However you want to configure ‘below’ in any given society, its likely that some echo of the voices of the subordinate can be found. Contributors have strained to hear the voices of those subject to hierarchies of class, gender, race, sexuality, colonialism, nationalism, poverty, and historians of each should continue to compare notes – as they have done here – on the challenges they find and the techniques they use to tackle them. Indeed, several participants have highlighted the potential to broaden this conversation out yet further still to an even wider range of historical contexts: a comment by Bob Taylor called for more ancient ‘history from below’; on twitter Andy Burn (@aj_burn) helpfully provided links to two (1 & 2) recent discussions of ‘voices of the people’ in the medieval period; and Helen Rogers (@helenrogers19c) drew our attention to Ushashi Dasgupta’s discussion of ‘Voices from Below in Literary Studies‘.

The future of history from below should, then, be based on a commitment to continue to talk across the boundaries of discipline, sub-discipline, and chronology that so often serve to compartmentalise scholarly fields – as well, of course, as those boundaries that divide academics from the wider public (more on which later). To make these conversations happen, history from below needs to convince people to take it seriously. For too long now this way of approaching the past has been dismissed by many as trite – a product of an outdated, overly-politicized, and ultimately rather naive project on the part of Marxist historians to blindly valorise the working man. Another key feature of this symposium has been to demonstrate that history from below today is characterised by anything but such an unthinking and dogmatic approach…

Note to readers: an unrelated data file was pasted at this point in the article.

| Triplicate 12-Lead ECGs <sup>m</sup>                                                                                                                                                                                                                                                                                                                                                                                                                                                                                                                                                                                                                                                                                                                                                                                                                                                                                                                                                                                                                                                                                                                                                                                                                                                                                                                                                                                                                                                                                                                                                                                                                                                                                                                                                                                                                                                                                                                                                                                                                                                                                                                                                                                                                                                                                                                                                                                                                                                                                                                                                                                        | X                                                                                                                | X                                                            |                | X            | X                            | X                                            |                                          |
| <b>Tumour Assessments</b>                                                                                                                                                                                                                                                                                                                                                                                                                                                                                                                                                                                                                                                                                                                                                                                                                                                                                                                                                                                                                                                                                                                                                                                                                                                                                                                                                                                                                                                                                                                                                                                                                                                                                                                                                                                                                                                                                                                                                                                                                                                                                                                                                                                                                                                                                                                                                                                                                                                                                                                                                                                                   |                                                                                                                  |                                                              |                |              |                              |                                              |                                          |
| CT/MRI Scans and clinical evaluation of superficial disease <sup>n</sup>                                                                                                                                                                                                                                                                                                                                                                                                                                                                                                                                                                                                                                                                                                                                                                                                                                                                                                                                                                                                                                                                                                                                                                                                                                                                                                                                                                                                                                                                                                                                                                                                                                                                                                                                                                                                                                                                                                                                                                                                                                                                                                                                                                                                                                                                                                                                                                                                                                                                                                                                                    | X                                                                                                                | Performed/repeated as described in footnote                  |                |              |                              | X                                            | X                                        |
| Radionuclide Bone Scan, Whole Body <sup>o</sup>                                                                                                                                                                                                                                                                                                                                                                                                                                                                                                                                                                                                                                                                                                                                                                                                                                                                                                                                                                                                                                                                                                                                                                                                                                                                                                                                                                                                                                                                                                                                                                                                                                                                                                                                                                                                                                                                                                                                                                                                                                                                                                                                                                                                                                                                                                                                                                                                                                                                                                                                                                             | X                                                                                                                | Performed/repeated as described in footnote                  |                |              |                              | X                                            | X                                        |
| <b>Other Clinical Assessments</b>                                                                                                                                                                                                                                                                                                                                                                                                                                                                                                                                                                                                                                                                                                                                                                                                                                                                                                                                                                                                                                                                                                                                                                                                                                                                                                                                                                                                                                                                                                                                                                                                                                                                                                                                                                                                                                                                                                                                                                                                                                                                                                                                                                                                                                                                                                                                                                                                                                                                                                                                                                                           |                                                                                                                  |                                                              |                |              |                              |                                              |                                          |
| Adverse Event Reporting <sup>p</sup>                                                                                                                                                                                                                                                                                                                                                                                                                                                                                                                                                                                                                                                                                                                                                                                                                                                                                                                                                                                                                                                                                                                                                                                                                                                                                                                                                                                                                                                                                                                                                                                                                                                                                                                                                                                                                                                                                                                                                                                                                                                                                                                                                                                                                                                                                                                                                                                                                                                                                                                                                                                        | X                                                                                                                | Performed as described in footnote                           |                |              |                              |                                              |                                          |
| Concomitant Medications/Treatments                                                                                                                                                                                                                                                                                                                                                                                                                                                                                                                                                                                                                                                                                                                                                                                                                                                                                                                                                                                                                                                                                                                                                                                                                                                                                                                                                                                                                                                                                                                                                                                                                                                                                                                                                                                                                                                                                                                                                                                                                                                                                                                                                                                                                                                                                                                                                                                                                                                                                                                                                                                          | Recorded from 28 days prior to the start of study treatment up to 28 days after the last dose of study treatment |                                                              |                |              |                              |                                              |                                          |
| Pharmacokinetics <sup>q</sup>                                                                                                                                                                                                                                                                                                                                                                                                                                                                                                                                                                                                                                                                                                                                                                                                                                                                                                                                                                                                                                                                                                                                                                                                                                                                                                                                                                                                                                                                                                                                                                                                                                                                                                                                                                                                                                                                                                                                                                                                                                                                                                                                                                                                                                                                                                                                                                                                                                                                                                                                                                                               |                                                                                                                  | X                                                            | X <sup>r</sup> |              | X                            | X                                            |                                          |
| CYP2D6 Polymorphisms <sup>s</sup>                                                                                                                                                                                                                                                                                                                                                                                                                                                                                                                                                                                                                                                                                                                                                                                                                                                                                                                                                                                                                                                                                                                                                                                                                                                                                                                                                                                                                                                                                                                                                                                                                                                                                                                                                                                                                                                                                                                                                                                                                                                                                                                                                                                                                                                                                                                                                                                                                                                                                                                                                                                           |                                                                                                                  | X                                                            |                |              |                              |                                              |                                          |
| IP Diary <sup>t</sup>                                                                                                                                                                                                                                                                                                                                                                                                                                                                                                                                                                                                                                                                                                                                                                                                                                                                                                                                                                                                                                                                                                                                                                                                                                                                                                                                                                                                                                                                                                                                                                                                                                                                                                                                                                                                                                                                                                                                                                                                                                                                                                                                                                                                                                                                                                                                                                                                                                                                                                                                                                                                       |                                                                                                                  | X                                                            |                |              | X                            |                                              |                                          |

History from below is… reflective